By Vicky Qiao —

“It pretty much blew up overnight” 

When the creator of Ivey at the Margins launched the account on Instagram, she expected a handful of personal stories.

In less than one day, the account received more than 100 submissions.

“It pretty much blew up overnight,” said the student behind the account, who didn’t want to be identified for this story. 

Inspired by other Instagram accounts that amplify the voices of minority students at post-secondary institutions, @Iveyatthemargins is meant to be a platform for students and alumni of Western University’s Ivey Business School. Contributors have been sharing their experiences involving discrimination and systemic injustices. 

“I absolutely did not expect this many stories to have come out,” the account creator said. “I think when you’re going through the HBA (Honors of Business Administration) program, and this is something other marginalized people can attest to, it feels like you’re isolated in the specific experiences.”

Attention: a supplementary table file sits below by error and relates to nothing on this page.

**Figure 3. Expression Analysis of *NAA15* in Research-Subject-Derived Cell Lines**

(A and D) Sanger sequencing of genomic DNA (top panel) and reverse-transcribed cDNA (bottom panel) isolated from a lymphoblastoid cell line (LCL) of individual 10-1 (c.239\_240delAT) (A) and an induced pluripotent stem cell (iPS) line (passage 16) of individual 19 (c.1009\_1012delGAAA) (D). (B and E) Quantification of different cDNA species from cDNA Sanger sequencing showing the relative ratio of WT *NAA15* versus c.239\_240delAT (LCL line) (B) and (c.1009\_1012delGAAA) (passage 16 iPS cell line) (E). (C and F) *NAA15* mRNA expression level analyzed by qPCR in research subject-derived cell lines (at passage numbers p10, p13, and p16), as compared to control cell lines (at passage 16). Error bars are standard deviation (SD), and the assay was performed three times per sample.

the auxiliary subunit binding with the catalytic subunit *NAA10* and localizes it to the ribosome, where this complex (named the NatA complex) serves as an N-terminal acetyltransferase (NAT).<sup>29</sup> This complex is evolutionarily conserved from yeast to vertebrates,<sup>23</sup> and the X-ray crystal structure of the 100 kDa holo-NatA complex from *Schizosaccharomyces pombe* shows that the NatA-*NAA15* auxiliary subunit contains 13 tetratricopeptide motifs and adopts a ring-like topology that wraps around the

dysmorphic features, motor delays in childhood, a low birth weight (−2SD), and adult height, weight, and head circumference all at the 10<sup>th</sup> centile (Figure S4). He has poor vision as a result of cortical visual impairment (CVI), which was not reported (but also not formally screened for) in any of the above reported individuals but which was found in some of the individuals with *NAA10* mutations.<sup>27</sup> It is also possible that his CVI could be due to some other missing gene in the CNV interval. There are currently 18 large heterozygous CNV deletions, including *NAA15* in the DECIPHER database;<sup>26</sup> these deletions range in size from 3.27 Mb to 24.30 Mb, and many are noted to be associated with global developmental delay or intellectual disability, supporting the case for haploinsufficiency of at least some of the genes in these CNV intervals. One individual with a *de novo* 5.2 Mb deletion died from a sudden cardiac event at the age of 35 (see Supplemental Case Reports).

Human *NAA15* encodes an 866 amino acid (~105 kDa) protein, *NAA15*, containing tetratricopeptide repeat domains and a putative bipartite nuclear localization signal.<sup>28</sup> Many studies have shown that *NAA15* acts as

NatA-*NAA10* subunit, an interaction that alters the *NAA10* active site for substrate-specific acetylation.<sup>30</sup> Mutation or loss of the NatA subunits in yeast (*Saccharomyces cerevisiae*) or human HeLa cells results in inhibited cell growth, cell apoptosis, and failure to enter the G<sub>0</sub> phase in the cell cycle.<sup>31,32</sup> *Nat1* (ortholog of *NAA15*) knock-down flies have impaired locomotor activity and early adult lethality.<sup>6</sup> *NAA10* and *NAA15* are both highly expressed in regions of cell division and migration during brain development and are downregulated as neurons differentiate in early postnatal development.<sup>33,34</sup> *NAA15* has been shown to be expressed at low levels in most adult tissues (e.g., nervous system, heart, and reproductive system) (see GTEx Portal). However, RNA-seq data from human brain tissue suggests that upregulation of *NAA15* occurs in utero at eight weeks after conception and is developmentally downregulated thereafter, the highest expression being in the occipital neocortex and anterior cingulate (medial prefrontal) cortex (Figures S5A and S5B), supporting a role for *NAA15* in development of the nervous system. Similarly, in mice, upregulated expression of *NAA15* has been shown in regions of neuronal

One of the biggest impacts of the account is allowing people to know they’re not the only one who has experienced these incidents, she said. 

“I think it’s both validating to know that this wasn’t your fault, you didn’t deserve anything that happened to you. Also, that there’s a bigger community supporting you and that you’re not alone in any of this.”

The campaign comes amid ongoing anti-racism activism accelerated by protests against anti-Black racism in the wake of the killing of George Floyd, a Black man who died in May after a white police officer kneeled on his neck for nearly nine minutes. Floyd’s police-involved death sparked protests across North America, most organized by Black Lives Matter.

The Black Lives Matter movement has sparked calls for defunding the police as well as an end to systemic and institutionalized racism against Black Indigenous and People of Colour (BIPOC) in schools, and other public institutions.

And it has spread awareness about the existence and impact of systemic racism at the institutional level. Last month, after releasing a report that found nearly 40 per cent of undergraduate BIPOC students experienced racism, Western University’s president appointed a special advisor to lead anti-racism efforts on campus.